Offshore Grid Implementation Requires Coordinated Approach

An offshore North and Baltic Sea electricity grid could be in place within 10-15 years, but its development is being slowed by political and regulatory differences between countries bordering the North and Baltic Seas, according to a report published by the OffshoreGrid consortium.

The European Commission-funded consortium – made up of eight organizations – stated that offshore wind farm developers, operators and traders see a harmonization of electricity market and electricity transmission rules across Europe as essential for the future offshore grid. National and EU policy makers, being more cautious, would rather opt for making the existing support schemes compatible.

“The problem is that regulatory frameworks for interconnectors and offshore transmission are very different between Member States,” Achim Woyte, project coordinator for OffshoreGrid, said.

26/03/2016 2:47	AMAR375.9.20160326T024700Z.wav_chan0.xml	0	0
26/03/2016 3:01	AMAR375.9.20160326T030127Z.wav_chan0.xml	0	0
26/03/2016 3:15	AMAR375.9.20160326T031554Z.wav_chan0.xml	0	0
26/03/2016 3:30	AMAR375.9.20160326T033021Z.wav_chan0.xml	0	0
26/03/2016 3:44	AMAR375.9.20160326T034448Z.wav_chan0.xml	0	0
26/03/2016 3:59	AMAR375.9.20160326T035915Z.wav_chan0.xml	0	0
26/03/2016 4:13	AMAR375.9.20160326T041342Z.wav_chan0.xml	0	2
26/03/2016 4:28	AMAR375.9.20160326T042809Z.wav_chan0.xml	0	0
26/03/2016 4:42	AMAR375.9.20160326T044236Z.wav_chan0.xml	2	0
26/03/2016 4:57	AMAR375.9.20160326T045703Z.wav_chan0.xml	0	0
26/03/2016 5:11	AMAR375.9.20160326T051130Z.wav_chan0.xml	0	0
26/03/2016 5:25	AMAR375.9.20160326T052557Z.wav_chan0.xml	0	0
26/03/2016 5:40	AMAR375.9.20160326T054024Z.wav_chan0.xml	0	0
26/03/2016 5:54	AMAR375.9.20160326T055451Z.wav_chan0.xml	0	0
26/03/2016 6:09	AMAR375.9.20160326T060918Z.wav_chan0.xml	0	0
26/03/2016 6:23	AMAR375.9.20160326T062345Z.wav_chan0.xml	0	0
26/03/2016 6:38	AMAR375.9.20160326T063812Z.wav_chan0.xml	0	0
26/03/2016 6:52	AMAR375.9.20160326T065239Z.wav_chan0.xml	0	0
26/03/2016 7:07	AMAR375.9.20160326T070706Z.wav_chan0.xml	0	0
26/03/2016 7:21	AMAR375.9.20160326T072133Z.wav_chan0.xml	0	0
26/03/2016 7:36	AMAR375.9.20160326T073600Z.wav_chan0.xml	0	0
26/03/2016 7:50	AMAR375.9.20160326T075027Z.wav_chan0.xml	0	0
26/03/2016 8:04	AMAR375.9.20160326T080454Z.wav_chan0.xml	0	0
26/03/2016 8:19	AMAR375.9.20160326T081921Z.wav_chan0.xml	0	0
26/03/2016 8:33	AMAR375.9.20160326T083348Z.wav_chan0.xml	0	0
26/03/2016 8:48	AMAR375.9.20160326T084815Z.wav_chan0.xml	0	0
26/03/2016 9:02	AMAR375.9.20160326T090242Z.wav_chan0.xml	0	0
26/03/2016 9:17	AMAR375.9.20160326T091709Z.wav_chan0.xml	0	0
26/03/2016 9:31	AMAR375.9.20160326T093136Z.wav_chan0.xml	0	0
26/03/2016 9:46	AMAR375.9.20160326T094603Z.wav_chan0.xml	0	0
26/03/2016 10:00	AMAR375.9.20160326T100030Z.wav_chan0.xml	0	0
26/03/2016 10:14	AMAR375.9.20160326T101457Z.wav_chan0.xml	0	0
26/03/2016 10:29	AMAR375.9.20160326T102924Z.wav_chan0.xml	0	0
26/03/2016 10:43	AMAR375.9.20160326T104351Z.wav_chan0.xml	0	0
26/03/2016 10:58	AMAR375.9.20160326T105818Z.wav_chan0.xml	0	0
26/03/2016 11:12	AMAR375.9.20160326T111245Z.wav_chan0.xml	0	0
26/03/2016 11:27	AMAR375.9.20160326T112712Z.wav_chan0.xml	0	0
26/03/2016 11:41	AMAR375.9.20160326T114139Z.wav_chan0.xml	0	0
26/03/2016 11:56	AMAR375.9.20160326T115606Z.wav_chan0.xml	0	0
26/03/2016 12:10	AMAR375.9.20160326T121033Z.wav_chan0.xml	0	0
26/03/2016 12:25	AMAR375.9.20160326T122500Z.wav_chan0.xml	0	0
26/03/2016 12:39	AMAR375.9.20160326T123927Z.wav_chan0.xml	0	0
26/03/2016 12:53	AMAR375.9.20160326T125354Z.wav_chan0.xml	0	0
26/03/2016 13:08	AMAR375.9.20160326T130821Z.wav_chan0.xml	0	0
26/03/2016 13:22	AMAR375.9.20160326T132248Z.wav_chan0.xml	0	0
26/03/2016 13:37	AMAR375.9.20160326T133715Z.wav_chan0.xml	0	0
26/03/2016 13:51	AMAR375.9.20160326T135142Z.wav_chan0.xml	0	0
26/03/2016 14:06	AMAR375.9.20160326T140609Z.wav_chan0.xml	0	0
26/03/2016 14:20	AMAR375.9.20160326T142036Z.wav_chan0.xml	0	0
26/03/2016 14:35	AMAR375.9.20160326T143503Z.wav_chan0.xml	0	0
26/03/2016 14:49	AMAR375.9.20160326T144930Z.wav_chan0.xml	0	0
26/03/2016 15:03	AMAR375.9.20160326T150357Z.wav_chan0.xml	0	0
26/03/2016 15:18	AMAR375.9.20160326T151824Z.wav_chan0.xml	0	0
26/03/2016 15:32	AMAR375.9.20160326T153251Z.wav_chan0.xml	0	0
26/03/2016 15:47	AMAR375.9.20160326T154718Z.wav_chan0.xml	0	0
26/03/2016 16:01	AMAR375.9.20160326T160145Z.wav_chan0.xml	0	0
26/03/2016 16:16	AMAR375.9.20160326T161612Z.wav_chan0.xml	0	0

Legal uncertainty and the risk of stranded investments are also hindering the development of an offshore grid. In most of the countries the regulatory framework does not clarify what support an offshore wind farm could be eligible for, if the farm is connected to several different countries.

 

Two factors – the EU’s 2020 renewable energy 20% target and the urgent need for improving the security of Europe’s electricity supply – are driving the development of an offshore grid, the report notes.

 

OffshoreGrid published three other reports: A list of planned and possible wind farm locations with predictions for their installed capacity by 2020 and 2030; a report on potential wind power output at offshore sites over one year; and a report on other marine orientated grid development scenarios up to 2030.

 

To read the full reports, click here.

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